Madame Blavatsky’s Baboon: A History of the Mystics, Mediums and Misfits Who Brought Spiritualism to America

Peter Washington

Washington traces the roots of New Age philosophy from Helena Blavatsky to Rudolf Steiner to Gurdjieff onward. Along the way he probes into the in-fighting and scandals that seemed to be a common occurrence among occult groups, such as C.W. Leadbetter’s passion for young men, Blavatsky’s chain smoking and general neglect of her health, and Krishnamurti’s shrugging off his mantle of world teacher. Throughout the book Washington also makes connections with Theosophy and other occult group’s influence on such people as Oscar Wilde, George Bernard Shaw, W.B. Yeats, Frank Lloyd Wright and others.
One striking illustration of the old New Age meeting the new New Age is the instance when the Maharishi Mahesh Yogi of TM fame met Krishnamurti while leaving a plane in India. The Maharishi rushed to greet Krishnamurti clutching a flower. Krishnamurti rapidly made his apologies and left. Some time after this encounter he told his friends that he would like to see the Maharishi’s balance sheet.
Washington tends to focus on the inside dope and scandals within these groups but neglects to see any positive influence that they have had on our culture, such as Blavatsky’s reacquainting Indians with their own tradition, generally questioning the materialism of our society and worship of science as God, and fostering the rediscovery of the wisdom of ancient civilizations. The book is a lot of fun to read and many loose threads are connected, but it remains basically one-sided and lacking in wisdom about the subject matter. Incidentally, the title refers to a stuffed baboon Blavatsky kept in her parlor dressed in wing collar, tail and spectacles and holding a copy of The Origin of Species in its hand, a reminder to all who came in that in Blavatsky’s opinion Darwin was wrong: man was not descended from apes but from spirit beings. TC

Publisher: Schocken
Paperback: 470 pages

Serpent-Handling Believers

Thomas Burton

A history of the snake-handling churches of Tennessee which is both academic and insightful, containing 178 photos of people handling snakes and drinking poison. There is a general tendency to view the Southern snake-handlers as simple-minded or insane. Such a condescending attitude is, thankfully, absent from this book. Author Thomas Burton seems to have a liking for the subjects of his study, and reports that one of the reasons he stays in contact with them is that “they are good friends. They are strong, courageous, ethical people… I am proud of their friendship.”
Whenever a snake-handler dies of a snake bite, it makes the papers. This helps create the impression that snake-handlers are crazy people who drop dead whenever they perform their insane ritual. This book makes clear that although a practitioner will drop dead now and then, snake-handlers generally are bitten again and again with little or no effect. Even more amazing is their ability to consume poison. It is tempting to dismiss snake-handlers by speculating that they milk the snakes of their venom and switch the jars of strychnine with plain water. Every investigation that I am aware of shows that this is not so.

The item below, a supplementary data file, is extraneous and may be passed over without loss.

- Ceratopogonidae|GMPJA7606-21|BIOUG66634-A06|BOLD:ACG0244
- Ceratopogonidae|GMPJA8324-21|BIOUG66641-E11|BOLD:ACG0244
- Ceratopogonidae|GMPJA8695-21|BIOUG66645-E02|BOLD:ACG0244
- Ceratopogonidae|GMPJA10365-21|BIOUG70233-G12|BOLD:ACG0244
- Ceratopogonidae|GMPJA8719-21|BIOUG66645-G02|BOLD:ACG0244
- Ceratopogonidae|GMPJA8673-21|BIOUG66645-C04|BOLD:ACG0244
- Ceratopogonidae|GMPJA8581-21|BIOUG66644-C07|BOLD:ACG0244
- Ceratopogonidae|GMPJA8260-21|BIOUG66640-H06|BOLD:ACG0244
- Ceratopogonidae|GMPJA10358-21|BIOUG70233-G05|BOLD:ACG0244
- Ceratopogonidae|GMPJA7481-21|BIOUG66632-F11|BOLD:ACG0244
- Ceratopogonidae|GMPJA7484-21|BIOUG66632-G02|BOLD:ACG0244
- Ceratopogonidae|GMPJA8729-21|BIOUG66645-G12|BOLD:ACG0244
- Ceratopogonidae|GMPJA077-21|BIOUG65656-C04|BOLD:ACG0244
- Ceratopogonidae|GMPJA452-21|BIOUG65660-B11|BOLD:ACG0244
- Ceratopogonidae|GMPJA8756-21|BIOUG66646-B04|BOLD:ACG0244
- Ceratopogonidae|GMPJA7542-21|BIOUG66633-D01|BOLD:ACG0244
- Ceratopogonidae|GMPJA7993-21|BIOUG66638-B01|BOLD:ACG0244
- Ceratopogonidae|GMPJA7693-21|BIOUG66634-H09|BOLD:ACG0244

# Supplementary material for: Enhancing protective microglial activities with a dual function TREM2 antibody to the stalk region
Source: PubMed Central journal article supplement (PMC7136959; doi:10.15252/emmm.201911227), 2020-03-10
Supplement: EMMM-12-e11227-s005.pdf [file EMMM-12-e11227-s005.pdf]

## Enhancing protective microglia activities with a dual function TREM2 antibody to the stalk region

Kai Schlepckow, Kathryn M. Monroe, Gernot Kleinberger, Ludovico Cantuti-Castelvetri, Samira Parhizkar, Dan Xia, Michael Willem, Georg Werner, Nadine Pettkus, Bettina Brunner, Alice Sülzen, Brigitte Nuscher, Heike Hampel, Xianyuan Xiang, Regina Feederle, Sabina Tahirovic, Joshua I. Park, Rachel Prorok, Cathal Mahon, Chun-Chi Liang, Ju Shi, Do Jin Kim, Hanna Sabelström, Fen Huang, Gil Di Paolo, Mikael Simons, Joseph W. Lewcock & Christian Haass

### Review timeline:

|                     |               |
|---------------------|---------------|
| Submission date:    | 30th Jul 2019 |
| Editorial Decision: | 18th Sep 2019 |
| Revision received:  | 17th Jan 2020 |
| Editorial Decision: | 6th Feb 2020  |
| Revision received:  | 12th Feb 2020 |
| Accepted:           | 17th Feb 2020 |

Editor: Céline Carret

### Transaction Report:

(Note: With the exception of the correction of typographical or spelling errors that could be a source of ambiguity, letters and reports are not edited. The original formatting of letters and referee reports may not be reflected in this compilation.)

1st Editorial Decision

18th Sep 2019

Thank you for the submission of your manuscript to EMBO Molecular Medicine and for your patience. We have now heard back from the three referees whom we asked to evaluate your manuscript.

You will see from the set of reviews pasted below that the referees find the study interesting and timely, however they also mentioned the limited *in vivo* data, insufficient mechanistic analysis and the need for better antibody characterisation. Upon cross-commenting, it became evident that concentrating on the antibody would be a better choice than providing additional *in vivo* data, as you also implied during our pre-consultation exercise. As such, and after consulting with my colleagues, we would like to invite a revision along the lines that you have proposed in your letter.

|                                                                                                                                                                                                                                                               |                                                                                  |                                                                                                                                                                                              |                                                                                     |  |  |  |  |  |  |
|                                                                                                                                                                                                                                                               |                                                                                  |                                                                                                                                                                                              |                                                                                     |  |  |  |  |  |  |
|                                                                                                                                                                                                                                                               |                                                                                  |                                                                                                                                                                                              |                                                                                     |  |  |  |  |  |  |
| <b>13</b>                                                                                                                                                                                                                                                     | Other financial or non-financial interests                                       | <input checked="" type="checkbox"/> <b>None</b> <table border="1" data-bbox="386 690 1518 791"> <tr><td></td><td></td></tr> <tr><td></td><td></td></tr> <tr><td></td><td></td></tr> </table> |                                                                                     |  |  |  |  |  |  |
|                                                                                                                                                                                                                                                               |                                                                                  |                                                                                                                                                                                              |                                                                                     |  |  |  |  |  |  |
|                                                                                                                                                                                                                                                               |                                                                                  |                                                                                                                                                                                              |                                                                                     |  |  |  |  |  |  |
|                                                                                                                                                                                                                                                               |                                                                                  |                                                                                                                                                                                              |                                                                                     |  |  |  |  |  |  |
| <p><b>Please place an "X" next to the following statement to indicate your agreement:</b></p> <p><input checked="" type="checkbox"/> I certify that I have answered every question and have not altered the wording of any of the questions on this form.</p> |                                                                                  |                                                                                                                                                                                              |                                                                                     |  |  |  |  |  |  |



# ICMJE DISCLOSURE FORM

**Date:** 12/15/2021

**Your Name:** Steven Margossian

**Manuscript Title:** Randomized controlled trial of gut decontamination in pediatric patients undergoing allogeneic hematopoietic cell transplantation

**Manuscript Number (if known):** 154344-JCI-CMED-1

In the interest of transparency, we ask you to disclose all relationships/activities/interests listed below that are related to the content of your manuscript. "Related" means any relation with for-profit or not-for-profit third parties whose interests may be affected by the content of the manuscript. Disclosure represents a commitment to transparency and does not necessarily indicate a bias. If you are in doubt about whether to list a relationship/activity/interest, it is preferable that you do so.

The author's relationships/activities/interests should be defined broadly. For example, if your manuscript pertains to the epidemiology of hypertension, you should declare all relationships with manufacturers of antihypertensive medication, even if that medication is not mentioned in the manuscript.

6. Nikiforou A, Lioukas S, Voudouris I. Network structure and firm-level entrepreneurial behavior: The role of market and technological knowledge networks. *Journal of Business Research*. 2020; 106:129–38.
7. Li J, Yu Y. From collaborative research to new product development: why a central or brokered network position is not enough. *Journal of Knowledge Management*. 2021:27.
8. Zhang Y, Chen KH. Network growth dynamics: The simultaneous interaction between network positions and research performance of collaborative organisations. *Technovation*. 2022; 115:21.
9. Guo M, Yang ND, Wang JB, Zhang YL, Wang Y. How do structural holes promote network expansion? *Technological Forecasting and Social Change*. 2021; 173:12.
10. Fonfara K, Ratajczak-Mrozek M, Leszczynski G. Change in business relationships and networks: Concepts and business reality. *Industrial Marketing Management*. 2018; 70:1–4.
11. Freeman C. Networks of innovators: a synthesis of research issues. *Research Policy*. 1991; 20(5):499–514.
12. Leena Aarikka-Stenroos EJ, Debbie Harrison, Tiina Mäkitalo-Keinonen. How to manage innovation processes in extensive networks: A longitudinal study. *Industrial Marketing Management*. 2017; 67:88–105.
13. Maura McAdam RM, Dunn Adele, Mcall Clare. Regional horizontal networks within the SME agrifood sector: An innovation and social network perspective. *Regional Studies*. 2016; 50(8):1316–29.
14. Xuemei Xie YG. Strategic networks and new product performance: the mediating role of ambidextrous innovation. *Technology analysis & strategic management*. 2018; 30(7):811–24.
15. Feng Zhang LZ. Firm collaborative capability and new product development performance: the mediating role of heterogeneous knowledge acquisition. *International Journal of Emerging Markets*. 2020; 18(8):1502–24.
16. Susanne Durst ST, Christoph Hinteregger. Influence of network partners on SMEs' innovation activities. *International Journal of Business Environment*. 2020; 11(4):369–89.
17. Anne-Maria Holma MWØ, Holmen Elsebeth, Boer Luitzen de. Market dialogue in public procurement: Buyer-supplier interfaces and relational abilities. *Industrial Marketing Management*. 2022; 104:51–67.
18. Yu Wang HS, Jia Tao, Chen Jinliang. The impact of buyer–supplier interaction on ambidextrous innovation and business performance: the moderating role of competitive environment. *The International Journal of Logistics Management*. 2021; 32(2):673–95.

The snake-handlers take Mark 16:17-18 (and some other Bible verses) literally. They believe that the best way to show their faith is to handle deadly snakes and drink poisons. Also described are their fire-handling abilities, which are completely different from New Age-style firewalks. They have an obsession for filling Coke bottles with kerosene, stuffing a rag in the end and lighting it on fire. This potential Molotov cocktail is then held under the chin and other parts of the body. Removing hot coals from a furnace with the bare hands is not an unknown occurrence.
Particularly interesting is the section of biographical essays of various snake-handlers. These accounts could be dismissed as the product of someone’s imagination if it weren’t for the fact that the author has done such a thorough job of documenting everything in the book. Snake-handlers are as close as the United States gets to a home-grown mystic order (excluding Native Americans, of course). Although only briefly mentioned in the book, parallels to certain Sufi dervish groups are noticeable. There is an emphasis on good behavior (adab in Sufi terms), a disconnection from a “main” or central church body, a transference of powers of immunity (what the snake-handlers call “anointment”), dancing and rhythmic moments that turn into a trancelike state while accompanied by music played on the instruments of the common folk. The appendixes include an electroencephalograph test on an “anointed” person and a technical report on the music used during snake-handling services. The list of references is extensive and complete. TC